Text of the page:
When I met Beth Kanter after having read her blog for several years she made a real impression on me. It wasn’t just her committed personal activism, wide ranging knowledge and willingness to share, so much as her phenomenal connectedness that struck me. Set loose on the keyboard and she connects with people, for just causes.

During a one-day workshop after the Connecting Up 08 conference a small group of 20 or so got see what it means to be really connected online.

It soon became obvious she has formed connections online with hundreds and hundreds of people. These might be people she’s worked with in depth, somebody she chatted to at a conference, or just someone who has accidentally found her online.

When she needs to, as she did when fundraising for the Sharing Foundation in Cambodia, Beth will (carefully) reach out to her networks. At other times she’ll ask people for help with research for an article or presentation she’s making, or as the example she gave us, ask what is the best sim card to use in Australia.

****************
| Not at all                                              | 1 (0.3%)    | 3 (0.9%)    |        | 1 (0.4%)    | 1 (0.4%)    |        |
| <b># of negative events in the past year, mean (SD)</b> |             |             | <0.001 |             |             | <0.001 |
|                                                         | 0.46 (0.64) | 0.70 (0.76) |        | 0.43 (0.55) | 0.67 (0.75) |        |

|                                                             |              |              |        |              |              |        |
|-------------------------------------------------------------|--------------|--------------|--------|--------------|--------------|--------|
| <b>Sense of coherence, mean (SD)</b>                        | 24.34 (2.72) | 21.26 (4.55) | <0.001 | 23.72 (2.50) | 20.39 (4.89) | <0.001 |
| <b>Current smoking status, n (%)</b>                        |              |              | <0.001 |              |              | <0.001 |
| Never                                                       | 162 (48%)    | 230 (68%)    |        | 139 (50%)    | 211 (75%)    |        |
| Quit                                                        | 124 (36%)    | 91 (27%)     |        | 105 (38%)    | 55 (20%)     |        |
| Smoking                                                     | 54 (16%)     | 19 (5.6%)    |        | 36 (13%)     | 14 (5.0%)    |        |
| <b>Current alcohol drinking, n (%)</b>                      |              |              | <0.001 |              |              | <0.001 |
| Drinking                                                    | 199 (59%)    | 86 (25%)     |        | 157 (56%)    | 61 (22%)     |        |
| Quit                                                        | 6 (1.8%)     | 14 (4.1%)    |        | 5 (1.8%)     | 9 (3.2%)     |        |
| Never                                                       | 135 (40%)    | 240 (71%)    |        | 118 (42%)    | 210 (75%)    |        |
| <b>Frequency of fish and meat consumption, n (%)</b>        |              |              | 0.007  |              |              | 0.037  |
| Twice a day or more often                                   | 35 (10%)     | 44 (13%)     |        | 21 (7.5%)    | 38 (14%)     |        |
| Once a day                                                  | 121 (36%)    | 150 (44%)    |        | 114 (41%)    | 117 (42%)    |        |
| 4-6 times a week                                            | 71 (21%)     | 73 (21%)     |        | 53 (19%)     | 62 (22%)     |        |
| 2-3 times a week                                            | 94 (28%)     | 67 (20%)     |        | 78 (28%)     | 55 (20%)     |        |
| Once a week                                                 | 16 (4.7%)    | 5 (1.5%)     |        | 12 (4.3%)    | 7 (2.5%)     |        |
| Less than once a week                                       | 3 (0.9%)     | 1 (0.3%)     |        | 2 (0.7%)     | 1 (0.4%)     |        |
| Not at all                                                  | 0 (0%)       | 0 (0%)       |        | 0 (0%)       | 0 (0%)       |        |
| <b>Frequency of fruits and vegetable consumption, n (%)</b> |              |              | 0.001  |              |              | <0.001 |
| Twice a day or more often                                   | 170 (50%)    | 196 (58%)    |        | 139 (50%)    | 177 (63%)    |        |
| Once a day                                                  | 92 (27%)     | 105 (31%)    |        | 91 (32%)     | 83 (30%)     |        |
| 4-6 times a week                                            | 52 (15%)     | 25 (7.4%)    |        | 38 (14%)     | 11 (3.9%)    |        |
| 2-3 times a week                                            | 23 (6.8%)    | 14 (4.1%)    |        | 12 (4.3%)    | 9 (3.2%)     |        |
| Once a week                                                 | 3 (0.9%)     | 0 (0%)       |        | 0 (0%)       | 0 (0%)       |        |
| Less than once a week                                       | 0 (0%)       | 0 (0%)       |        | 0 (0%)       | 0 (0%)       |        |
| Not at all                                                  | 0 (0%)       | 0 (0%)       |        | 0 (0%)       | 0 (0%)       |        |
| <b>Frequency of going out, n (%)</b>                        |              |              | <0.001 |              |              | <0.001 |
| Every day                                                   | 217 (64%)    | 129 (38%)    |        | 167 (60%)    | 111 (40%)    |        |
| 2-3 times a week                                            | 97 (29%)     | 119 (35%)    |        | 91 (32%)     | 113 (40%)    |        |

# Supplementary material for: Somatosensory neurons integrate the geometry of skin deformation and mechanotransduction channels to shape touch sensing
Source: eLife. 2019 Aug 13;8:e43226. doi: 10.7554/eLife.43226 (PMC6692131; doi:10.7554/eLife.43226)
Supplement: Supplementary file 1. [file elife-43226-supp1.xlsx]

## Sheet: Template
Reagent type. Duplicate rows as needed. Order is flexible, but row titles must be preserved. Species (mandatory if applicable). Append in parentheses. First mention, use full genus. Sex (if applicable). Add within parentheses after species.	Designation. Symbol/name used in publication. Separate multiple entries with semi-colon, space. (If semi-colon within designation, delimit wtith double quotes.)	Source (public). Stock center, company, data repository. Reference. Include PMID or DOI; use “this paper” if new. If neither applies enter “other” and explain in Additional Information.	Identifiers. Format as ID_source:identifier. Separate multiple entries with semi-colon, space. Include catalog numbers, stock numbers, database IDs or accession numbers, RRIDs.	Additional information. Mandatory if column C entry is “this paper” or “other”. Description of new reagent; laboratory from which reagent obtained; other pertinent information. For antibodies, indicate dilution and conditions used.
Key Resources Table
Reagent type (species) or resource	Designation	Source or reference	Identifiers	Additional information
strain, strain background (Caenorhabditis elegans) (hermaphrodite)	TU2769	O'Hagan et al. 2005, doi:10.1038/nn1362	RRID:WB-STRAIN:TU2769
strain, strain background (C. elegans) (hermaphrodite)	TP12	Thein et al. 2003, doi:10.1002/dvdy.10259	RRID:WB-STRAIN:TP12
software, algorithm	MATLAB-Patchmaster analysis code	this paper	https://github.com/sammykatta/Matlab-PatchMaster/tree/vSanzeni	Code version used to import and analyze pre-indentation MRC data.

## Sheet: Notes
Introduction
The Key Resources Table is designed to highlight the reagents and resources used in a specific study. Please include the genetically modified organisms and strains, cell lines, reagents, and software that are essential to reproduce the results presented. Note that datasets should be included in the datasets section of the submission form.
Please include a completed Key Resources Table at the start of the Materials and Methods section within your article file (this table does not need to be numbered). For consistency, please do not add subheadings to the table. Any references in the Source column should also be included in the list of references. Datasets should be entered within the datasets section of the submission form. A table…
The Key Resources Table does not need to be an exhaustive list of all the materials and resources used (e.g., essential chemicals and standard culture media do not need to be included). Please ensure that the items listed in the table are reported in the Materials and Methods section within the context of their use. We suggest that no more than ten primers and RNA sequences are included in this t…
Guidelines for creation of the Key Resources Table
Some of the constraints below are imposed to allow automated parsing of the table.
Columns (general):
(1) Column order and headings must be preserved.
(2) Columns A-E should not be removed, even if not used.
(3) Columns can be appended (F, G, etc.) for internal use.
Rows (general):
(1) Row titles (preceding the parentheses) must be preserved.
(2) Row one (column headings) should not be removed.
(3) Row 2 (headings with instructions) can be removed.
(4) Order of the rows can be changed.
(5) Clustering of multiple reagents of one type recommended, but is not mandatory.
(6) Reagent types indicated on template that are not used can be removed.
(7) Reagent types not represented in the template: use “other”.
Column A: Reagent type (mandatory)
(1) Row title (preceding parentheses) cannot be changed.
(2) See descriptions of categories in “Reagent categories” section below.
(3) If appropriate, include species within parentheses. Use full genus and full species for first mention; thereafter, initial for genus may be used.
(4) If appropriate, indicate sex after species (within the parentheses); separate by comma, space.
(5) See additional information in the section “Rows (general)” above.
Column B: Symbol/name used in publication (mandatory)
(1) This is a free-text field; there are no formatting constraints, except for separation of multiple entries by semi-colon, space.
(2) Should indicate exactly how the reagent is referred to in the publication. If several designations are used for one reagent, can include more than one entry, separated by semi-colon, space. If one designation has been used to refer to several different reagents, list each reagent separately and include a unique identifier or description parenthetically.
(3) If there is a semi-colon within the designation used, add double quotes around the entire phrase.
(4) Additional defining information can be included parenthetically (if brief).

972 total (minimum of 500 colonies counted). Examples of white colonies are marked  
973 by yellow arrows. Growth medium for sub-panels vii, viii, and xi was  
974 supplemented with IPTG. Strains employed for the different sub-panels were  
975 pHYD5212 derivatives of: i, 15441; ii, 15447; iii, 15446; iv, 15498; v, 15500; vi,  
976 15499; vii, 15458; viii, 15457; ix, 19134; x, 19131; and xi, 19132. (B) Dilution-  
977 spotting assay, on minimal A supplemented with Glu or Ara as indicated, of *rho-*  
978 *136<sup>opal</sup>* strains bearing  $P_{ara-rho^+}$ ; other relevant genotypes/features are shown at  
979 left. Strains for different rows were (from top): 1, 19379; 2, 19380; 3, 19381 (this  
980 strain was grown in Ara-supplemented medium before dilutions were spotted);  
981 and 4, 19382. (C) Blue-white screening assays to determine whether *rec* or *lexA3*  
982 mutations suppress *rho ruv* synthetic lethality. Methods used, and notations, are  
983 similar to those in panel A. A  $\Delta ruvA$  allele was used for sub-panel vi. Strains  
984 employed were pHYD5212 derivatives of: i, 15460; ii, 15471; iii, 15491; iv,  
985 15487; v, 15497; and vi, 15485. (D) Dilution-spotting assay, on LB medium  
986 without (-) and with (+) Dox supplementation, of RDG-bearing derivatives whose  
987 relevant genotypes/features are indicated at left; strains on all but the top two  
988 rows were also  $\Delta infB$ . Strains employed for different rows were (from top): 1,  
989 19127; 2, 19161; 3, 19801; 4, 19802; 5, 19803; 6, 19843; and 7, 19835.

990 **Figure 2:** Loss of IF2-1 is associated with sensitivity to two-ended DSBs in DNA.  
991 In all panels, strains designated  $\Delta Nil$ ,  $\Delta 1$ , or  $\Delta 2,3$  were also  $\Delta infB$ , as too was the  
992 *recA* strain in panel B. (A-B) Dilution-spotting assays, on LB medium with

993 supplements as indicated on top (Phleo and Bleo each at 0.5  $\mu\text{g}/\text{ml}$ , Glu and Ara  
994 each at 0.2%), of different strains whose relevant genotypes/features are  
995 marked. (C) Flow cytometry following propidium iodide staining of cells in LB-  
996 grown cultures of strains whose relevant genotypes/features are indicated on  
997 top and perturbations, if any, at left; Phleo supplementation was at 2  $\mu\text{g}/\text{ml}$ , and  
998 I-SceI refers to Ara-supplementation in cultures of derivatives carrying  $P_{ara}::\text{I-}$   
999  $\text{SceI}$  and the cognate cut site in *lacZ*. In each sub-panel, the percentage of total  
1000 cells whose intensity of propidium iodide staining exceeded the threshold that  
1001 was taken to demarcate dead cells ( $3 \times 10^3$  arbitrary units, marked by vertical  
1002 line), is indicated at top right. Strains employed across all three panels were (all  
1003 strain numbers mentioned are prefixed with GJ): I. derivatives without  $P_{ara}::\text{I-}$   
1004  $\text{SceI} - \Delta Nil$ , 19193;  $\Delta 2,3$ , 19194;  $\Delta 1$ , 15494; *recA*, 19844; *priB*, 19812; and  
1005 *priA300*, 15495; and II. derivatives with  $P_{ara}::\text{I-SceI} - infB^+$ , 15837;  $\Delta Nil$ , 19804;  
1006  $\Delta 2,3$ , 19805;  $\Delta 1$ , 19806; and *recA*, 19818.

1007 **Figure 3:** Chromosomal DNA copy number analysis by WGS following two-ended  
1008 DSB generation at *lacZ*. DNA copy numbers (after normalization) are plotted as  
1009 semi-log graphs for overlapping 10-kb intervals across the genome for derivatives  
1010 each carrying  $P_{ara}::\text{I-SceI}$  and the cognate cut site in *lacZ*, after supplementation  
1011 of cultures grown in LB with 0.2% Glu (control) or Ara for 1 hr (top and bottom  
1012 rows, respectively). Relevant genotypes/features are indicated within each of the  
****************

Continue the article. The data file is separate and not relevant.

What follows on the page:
I have no doubt this is reciprocal. Beth is happy for people to know about what she is doing and is very open about this. She blogs in several places, has a twitter account anyone can follow, is on facebook, has an avatar on second life and is out there in numerous other places too no doubt.

The types of relationships formed transcend any easy description. Friend, colleague, fellow-professional, neighbour, supporter? It’s hard to know how to describe members of the online network Beth has built up. It probably doesn’t matter, but what it suggests is that when you match the internet medium with trust and reciprocity you get a pretty powerful combination.